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of representation based on class interests becomes irrelevant. It is replaced by the concept of "articulation" -- the establishment of a relation among elements (1985: 105). The concept of articulation has a different theoretical status from that of ideology: whereas ideology belongs to the domain of superstructure in the sense that it appeals either to the unifying role of a class (Gramsci, 1971), or to the functional requirements of the logic of reproduction (Althusser, 1971), "articulation is now a discursive practice which does not have a plane of constitution prior to, or outside, the dispersion of the articulated elements" (Laclau and Mouffe, 1985: 109). Since there are no social interconnections outside of an articulatory practice, there is no way of theorizing about determination in the last instance by the economy. The mode of production is only a conceptual construct, it does not exist on its own right, and thus cannot be granted any ontological priority. Post - structuralism and the end of representation Much of the theoretical underpinning of Laclau and Mouffe's post - Marxism can be traced back to post - structuralism, particularly Derrida's deconstructionism -- a theoretical orientation which emphasizes the instability of the sign and aims to show how the binary oppositions in structuralism undermine each other in the process of textual meaning (Derrida, 1970: 247 - 64). By dividing the signifier from the signified and by conceiving the linguistic process as the endless play of signifiers, post - structuralism poses a radical challenge to traditional theories of meaning and the idea of representation upon which the concept of ideology has rested. In previous theories of signification, meaning is seen as a function of the sign which refers to either in ward experiences or relations and objects in the real world. It either makes present one's thoughts and feelings or describes social relations and an empirical reality. Structuralism introduces the notion of binary opposition and suggests that meaning in language is a matter of difference, but it still retains the relevance of the referent in its theory of meaning. Post - structuralism presses this notion of difference to infinity, and conceives meaning as the "spin - off" of a potentially endless play of signifiers. Rather than being fixed to a particular signifier, meaning is scattered or dispersed along the whole chain of signifiers. It cannot be easily grasped and is never fully present in any single sign alone (Eagleton, 1983: 128). Deconstructionism thus denies the possibility of presenting any coherent view of the world or conceiving it as a totality full of connections and differentiations rather than perpetually shifting fragments. It also denies any possibility of mastering a text and uncovering its underlying meanings and ideological assumptions (the "master code" in structuralist conceptions of ideology and discourse). This critique of representation, therefore, is at the same time a critique and repudiation of interpretation in the hermeneutic tradition. For in this theory, Writers who create texts or use words do so on the basis of all the other texts and words they have encountered, while readers deal with them in the same way. Cultural life is viewed as a series of texts intersecting with other texts, producing more texts. This intertextual weaving has a life of its own. Whatever we write conveys meanings we do not or could not possibly intend, and our words cannot say what we mean. It is vain to try and master a text because the perpetual interweaving of texts and meanings is beyond our control. Language works through us. (Harvey, 1989: 50 - 1) Thus, cultural producers merely create raw materials that can be recombined by consumers in any way they wish. The effect of this theory, as Harvey has noted, is to break (deconstruct) the power of the author to impose meanings or offer a continuous narrative and to call into question all the assertions about fixed systems of representation. Knowledge and meaning, therefore, are reduced to a rubble of free - floating signifiers (Harvey, 1989: 350). This flight from representation and the erosion of the referent also lie at the center of Jean Baudrillard's notion of simulation (Baudrillard, 1983). Simulation, defined as the creation of copies for which there are no originals, effectively eliminates the distinction between the real and the imaginary, and dissolves the dualities of reality and representation, truth and falsity. In Baudrillard's theory, image and reality -- whether a reality of social relations or of an empiricist universe -- do not have different ontological statuses. There is simply no difference between image and reality. The question of ideology thus becomes a non issue. The familiar Althusserian conception that ideology represents an imaginary set of relations to our real conditions of existence (Althusser, 1965), for example, no longer has any meaning in the world of simulations. Since signs no longer refer to the real and meaning has given way to a discourse of empty surfaces, the "reality principle" that underlies much ideological analysis of meaning, such as the semiological project (Barthes, 1967; 1973) that attempts to elucidate different layers of meaning and reveal what is concealed in the semiological texts has to be discarded. In Baudrillard's own words, whereas "ideology corresponds to the betrayal of reality by signs; simulation corresponds to the short - circuit of reality and its reduplication by signs. It is always a false problem to want to restore the truth beneath the simulacrum" (Baudrillard, 1983: 48). Thus, we are now in the "twilight of the real," in a world where "all systems of meaning become confounded," and "ideology as a means of mapping the intersections between the 'real' and the 'imaginary' loses any effectivity as a critical 'tool'" (Wakefield, 1990: 105). In short, the era of simulation has replaced the era of ideology. Discourse, power, and interests in post - modernism If one specific consequence of Foucault's thought is the claim that the concept of ideology is inadequate as an analytical tool, and if post - structuralism and post - Marxism purport to make the concept meaningless and without theoretical foundations, then post modernism's reformulation of the relations among rationality, interests, and power along neo - Nietzschean lines threatens to render the whole concept of ideology redundant (Eagleton, 1991: xii). Such a reformulation is not specific to a particular school of thought. It is an impulse widely shared by many theorists in the theoretical development of post - modernism. Marxist theories of ideology are deeply grounded in the Enlightenment tradition, with a belief in reason, rationality, and the possibility of objective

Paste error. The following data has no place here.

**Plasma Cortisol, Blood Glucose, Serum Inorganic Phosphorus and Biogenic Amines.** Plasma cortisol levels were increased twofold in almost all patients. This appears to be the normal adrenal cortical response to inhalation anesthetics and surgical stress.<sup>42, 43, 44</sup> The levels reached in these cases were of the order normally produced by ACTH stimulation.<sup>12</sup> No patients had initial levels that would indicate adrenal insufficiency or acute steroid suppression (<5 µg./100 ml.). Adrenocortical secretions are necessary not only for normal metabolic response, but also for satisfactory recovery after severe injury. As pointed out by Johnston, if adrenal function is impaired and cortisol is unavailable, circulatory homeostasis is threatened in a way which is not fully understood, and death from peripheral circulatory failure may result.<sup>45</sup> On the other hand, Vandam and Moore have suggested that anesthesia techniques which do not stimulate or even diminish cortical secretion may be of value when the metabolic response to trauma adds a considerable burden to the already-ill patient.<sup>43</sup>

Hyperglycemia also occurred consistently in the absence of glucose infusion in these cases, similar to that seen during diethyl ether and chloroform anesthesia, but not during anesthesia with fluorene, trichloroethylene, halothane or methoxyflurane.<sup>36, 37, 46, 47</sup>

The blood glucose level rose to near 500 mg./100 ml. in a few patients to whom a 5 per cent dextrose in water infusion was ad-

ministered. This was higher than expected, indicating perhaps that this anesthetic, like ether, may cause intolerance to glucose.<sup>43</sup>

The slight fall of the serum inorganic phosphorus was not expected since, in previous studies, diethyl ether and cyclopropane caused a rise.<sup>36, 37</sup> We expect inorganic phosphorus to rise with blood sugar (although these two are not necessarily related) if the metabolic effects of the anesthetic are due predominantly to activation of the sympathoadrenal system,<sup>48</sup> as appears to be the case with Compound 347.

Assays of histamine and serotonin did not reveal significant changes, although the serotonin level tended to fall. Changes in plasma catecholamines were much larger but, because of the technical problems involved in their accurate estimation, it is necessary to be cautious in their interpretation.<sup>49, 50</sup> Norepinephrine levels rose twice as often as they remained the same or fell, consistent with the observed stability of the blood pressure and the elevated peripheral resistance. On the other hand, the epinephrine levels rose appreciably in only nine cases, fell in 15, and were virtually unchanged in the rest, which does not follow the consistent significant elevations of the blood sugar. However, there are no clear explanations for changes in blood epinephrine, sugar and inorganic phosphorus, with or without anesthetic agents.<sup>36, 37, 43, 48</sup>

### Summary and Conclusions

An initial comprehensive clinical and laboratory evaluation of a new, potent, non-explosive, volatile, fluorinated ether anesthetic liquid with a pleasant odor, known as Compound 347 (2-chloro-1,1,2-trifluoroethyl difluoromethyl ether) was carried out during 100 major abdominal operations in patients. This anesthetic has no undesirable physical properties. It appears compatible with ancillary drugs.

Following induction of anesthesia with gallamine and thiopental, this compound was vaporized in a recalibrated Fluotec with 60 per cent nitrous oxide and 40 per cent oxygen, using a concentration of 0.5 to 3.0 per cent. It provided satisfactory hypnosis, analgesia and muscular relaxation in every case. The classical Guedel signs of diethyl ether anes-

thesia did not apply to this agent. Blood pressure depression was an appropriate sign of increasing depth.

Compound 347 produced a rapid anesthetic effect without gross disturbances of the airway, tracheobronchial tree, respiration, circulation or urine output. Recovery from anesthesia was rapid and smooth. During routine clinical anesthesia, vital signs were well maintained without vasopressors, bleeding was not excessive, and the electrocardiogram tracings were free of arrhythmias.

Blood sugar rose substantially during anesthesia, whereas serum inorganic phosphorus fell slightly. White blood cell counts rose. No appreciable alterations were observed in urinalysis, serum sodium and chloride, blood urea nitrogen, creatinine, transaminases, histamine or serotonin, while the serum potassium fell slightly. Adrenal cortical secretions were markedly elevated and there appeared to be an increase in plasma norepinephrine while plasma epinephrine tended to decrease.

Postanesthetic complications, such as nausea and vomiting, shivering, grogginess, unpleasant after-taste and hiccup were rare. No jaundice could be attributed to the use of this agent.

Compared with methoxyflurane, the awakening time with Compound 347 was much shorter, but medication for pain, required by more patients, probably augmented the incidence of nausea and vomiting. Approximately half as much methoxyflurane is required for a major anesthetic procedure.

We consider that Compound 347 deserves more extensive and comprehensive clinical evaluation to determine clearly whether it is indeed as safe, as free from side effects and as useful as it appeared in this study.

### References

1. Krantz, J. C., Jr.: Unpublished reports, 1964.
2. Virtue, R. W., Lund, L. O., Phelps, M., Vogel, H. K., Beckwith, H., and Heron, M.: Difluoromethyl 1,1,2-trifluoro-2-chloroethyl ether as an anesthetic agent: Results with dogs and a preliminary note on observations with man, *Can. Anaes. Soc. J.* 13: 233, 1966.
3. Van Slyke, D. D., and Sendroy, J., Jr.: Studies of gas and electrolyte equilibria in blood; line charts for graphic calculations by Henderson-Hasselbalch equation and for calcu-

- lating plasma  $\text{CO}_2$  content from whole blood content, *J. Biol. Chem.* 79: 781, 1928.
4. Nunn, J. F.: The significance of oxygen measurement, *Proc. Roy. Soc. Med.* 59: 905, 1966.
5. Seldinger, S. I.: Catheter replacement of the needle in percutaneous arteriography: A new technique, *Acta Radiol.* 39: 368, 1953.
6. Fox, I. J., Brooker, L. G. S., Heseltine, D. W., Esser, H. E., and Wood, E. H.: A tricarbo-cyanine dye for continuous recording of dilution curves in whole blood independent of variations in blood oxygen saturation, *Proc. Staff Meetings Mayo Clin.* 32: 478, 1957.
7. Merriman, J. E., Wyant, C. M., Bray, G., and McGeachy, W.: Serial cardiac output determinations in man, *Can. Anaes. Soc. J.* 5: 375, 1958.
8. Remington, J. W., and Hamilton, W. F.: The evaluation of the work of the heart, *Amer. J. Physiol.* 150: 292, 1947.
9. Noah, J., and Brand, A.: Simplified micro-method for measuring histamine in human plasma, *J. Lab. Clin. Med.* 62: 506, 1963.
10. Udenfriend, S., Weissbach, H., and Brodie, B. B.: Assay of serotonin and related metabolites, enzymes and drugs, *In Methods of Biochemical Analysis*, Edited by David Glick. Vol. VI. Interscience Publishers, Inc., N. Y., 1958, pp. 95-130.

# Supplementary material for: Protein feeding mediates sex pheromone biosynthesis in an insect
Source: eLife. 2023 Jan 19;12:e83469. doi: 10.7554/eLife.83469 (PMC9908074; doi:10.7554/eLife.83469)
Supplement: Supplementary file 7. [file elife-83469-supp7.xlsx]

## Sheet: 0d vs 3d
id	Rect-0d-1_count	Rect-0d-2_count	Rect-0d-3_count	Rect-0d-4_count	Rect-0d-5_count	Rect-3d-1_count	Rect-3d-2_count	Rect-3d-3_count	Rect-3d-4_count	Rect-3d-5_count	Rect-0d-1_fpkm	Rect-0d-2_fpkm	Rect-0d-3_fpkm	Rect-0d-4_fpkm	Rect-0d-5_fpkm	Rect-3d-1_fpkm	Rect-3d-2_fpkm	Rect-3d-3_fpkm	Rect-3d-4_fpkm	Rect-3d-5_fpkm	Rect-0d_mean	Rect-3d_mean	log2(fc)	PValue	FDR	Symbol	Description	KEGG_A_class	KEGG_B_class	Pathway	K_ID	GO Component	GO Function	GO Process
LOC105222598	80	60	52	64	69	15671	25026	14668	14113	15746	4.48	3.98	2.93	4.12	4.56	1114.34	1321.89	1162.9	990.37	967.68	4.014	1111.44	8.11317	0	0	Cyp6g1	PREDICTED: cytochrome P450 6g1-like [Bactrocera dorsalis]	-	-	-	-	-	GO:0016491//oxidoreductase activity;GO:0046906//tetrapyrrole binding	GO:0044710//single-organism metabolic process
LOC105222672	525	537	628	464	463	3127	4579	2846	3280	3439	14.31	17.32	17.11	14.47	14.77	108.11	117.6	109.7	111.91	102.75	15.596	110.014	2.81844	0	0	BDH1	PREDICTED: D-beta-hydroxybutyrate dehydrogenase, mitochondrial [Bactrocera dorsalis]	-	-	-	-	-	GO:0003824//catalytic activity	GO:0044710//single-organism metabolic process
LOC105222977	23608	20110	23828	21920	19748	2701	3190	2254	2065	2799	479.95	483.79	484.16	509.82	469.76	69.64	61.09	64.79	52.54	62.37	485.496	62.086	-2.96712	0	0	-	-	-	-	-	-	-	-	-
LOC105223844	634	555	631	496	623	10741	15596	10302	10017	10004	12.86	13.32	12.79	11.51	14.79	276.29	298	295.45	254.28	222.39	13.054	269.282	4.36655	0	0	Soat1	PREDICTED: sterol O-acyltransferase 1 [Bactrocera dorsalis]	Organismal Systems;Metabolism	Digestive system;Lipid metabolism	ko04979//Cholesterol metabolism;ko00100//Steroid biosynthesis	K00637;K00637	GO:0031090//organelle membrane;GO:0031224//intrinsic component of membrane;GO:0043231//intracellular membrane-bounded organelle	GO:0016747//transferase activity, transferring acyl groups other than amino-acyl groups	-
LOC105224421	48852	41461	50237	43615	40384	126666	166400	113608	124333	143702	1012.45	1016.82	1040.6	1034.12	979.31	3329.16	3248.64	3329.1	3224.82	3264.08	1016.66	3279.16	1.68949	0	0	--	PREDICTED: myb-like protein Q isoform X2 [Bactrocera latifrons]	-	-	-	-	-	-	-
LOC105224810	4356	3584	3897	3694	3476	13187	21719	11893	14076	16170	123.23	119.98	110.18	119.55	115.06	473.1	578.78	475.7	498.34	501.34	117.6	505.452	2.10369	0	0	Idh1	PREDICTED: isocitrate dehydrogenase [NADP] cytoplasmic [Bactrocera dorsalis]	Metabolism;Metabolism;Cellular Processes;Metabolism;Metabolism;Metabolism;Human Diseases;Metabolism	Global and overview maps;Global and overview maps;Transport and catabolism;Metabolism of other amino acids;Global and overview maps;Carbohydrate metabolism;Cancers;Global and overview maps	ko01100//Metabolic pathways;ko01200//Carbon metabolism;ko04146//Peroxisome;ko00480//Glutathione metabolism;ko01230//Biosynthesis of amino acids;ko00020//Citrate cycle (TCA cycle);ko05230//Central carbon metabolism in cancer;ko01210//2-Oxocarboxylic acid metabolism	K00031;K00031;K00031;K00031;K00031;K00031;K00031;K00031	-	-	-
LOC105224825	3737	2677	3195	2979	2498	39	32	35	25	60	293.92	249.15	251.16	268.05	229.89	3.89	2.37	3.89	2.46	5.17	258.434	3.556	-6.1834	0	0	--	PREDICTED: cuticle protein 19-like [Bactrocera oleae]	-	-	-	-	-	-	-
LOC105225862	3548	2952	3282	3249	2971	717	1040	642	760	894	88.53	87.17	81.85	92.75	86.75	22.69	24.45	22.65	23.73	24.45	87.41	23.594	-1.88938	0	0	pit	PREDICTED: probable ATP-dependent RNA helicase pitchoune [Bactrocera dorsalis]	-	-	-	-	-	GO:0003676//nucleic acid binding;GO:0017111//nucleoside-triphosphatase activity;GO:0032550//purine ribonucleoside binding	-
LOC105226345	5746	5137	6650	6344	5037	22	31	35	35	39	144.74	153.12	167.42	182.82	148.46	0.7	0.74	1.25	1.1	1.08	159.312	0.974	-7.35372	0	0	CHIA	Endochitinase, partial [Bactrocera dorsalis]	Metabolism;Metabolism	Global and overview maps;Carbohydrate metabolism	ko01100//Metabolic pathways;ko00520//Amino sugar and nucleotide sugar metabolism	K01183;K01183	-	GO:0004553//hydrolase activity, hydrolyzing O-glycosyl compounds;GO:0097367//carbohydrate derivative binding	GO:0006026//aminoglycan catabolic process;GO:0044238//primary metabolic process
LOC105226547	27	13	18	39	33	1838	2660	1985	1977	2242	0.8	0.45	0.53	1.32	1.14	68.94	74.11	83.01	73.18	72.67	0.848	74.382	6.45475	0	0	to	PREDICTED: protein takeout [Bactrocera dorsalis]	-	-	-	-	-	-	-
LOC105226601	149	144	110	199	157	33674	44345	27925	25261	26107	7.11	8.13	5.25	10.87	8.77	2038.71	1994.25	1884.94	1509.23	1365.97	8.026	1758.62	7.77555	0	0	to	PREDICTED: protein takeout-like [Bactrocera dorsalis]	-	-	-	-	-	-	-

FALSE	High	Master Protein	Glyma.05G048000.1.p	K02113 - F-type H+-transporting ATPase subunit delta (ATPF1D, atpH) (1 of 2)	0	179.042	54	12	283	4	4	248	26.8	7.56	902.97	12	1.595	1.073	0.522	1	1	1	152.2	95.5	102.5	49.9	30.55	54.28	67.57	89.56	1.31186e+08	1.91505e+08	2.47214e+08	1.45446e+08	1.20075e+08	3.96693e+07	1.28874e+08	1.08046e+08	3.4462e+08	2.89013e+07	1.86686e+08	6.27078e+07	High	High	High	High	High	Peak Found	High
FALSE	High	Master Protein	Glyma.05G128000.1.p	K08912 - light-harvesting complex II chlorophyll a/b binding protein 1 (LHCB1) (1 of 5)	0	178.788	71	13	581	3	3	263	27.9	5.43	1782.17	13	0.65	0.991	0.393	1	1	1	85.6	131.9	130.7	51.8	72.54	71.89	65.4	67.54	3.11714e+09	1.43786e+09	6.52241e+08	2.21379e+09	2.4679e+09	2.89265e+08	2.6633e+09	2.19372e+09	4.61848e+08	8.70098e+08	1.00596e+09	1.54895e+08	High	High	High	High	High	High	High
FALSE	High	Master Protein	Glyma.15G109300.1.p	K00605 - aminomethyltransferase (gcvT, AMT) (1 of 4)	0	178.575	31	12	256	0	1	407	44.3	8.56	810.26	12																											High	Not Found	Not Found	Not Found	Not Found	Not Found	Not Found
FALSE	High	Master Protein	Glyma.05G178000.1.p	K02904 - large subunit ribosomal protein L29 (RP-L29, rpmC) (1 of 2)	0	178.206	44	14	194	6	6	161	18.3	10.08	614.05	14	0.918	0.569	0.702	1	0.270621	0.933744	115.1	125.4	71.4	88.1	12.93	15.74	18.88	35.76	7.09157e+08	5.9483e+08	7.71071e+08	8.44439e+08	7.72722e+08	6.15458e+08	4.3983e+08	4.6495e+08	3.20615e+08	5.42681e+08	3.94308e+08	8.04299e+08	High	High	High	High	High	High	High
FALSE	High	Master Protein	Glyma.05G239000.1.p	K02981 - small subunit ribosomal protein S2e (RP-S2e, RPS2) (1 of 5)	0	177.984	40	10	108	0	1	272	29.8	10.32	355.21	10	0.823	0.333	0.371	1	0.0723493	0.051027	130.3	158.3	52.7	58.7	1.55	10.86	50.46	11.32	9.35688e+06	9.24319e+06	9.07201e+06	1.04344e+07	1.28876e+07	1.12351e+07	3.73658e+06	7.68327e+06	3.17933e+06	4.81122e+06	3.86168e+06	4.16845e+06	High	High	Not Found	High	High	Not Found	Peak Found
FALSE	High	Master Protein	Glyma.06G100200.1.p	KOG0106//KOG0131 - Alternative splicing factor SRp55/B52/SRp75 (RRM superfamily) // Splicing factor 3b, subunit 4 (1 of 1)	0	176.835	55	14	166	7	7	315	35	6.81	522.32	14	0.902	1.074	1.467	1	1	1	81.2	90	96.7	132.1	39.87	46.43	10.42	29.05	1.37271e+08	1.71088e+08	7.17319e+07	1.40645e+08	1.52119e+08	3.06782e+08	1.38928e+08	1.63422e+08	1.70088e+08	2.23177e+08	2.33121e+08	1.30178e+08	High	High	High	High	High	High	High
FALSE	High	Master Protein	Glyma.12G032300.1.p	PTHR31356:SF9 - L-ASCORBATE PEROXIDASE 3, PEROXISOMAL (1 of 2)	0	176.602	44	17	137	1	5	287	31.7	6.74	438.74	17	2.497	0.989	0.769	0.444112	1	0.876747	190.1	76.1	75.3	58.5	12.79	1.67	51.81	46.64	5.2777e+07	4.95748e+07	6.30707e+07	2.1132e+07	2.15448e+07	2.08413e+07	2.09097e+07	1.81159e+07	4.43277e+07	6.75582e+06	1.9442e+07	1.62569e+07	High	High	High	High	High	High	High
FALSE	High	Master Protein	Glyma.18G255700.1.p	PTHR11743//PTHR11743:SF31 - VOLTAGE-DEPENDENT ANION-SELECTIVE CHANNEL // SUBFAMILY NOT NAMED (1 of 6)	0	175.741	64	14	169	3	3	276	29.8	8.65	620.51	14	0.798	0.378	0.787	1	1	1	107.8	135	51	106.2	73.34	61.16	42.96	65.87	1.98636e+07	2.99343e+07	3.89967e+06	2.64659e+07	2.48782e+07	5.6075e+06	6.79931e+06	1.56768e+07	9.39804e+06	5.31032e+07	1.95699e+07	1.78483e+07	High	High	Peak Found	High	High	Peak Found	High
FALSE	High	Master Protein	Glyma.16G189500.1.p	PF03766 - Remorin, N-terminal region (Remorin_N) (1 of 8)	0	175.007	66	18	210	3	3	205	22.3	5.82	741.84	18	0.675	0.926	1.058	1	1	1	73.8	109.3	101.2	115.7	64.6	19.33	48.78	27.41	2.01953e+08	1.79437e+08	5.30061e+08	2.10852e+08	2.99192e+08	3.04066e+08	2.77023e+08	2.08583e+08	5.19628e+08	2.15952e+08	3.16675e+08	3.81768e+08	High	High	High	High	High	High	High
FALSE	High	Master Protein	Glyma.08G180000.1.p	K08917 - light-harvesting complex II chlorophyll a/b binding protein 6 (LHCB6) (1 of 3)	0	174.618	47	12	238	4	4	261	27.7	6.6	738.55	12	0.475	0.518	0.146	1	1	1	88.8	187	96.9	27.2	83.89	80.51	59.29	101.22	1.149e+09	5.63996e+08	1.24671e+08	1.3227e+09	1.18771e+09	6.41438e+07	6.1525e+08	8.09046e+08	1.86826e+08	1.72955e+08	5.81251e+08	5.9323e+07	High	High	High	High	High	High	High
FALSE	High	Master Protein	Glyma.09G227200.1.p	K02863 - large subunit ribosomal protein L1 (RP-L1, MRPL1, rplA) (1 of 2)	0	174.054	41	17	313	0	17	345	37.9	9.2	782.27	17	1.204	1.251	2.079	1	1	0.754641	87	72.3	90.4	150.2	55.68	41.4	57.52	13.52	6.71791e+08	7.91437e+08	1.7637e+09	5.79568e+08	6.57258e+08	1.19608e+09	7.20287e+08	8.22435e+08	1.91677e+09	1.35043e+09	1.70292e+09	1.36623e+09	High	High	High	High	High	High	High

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knowledge. In the wake of the post - modernist rejection of the Enlightenment tradition and related concepts of rationality and truth, however, the distinction between knowledge and ideology becomes problematic. Since we can only know the world through language and discourse, and as Foucault has suggested, discourse is always power - laden, we end up with a dark Nietzschean vision: all thoughts are ideological because they are all expressions and rationalizations of particular interests. Ideology, then, becomes pervasive and all - encompassing. But if every discourse is ideological in the sense that it is always power - laden, and if ideology explains everything, then it explains nothing. The concept is expanded to the point of meaninglessness. It is redundant and without any sense of critical specificity. The logical conclusion, then, is that one might be better off to simply write off the concept altogether. And this is indeed what some post - modernists have proposed. Richard Rorty, for example, suggests that we follow Foucault's suspension of ideology and focus on detailed historical narratives of the operation of power. Such narratives would not unmask something created by power called "ideology" in the name of something not created by power called "validity" or "emancipation." They would just explain who was currently getting and using power for what purposes, and then (unlike Foucault) suggest how some other people might get it and use it for other purposes. The resulting attitude would be neither incredulous and horrified realization that truth and power are inseparable nor Nietzschean Schadenfreude, but rather a recognition that it was only the false lead which Descartes gave us ... that made us think truth and power were separable. We could thus take the Baconian maxim that "knowledge is power" with redoubled seriousness. (1985: 173, emphasis in original) Strengths and limitations of the new critique of ideology Such are the forces threatening the new "end of ideology" thesis in contemporary social thought. The precise nature of the challenge presented by these forces, however, is more complicated than it appears to be at first sight. Given that there are so many different conceptions of ideology, that Marx's original writings have been taken up in so many different theoretical directions, and more importantly, that the wide range of debates and complicated history of the concept have seldom been dealt with in much detail in this new critique, it seems necessary to clarify exactly what specific conceptions of ideology are being challenged and rejected. Nancy Fraser (1989) has suggested, for example, that what Foucault has suspended is only a crude view of ideology defined as systems of distorted beliefs. It has also been argued that what Laclau and Mouffe have criticized are only the economic and class reductionist tendencies in the Marxian tradition (Geras, 1987). Similarly, Terry Eagleton argues that post - structuralism often sets up ideology in a "straw target"fashion, where it is seen as a static "set of ideas" and it "always and everywhere involves fixed or 'transcendental' signifiers, imaginary unities, metaphysical grounds and teleological goals" (1991: 198). Thus, a case can be made that notions of ideology and representation that have been challenged are mostly empiricist and class reductionist ones. But the new critique of ideology can not be simply dismissed in this fashion. It has made important challenges that need to be confronted and assessed in more substantial terms. To begin, it is instructive first to consider the strengths of this challenge. Discourse theory and the post - Marxist turn to the politics of signification have made a contribution by reinforcing the recognition of the constitutive nature of language and discourse. These theoretical movements have offered a deserved critique of any theory of knowledge that claims to escape the reflexivity of language (Wakefield, 1990: 36). In the area of media and popular culture, these theoretical movements call for the analysis of "media beyond representation" (Angus, 1989) and a rejection of the mechanistic division between media and society, a division characteristic of mainstream media research. They also serve as an important (although hardly new) corrective to economic determinist and class reductionist tendencies in Marxist theories of ideology -- tendencies that are at least partly responsible for a failure on the part of the Left to recognize the importance of cultural politics. Post - modernism's emphasis on discourse and the politics of signification has led to A recognition that the production of images and of discourses is an important facet of activity that has to be analyzed as part and parcel of the reproduction and transformation of any symbolic order. Aesthetic and cultural politics do matter, and the conditions of their production deserve the closest attention. (Harvey, 1989: 355) Second, Foucault's broad understanding of power demonstrates the limitations of state - centred and economic - political oriented critiques of ideology in the Marxian theoretical tradition. It makes an important correction to what Thompson (1991) calls state organized, and ideologically secured theories of social reproduction. In suspending the nearly insoluble epistemological questions of truth and determination, Foucault has made possible a welcome return to the concrete analysis of particular ideological and discursive formations, their historical conditions, their effects, and their connection to particular forms of power relations (Hall, 1986). His wide range of work on sexuality, bodily discipline, and bureaucratization has also made it possible to offer a powerful critique of domination outside traditional ideological and class lines. Beyond the conscious and the cognitive, there is a domain of the body object, where technologies of power are also deployed. Ideology not only works along class lines, but also along other axes, for example, sex, race, and nation - state. To be sure, there is no reason why Marxist analyses, especially those based on the Gramscian conception of hegemony, cannot be extended to non - class areas, if not to the domain of literal "unconsciousness" embodiments. But traditionally, Marxian perspectives have indeed overprivileged ideological analysis along class lines to the relative exclusion of gender and other social cleavages. The new critique of ideology makes a much needed corrective. It contributes to an understanding of the importance of difference and "otherness" "not as something to be added on to more fundamental Marxist categories, but as something that should be omnipresent from the very beginning in any attempt to grasp the dialectics of social change" (Harvey, 1989: 355). Third, the post - Marxist conception of articulatory practices producing subjects has led to an understanding of the importance of the ideological and symbolic as a process, rather than a static set of fixed ideas or end products. It must be noted again, however, such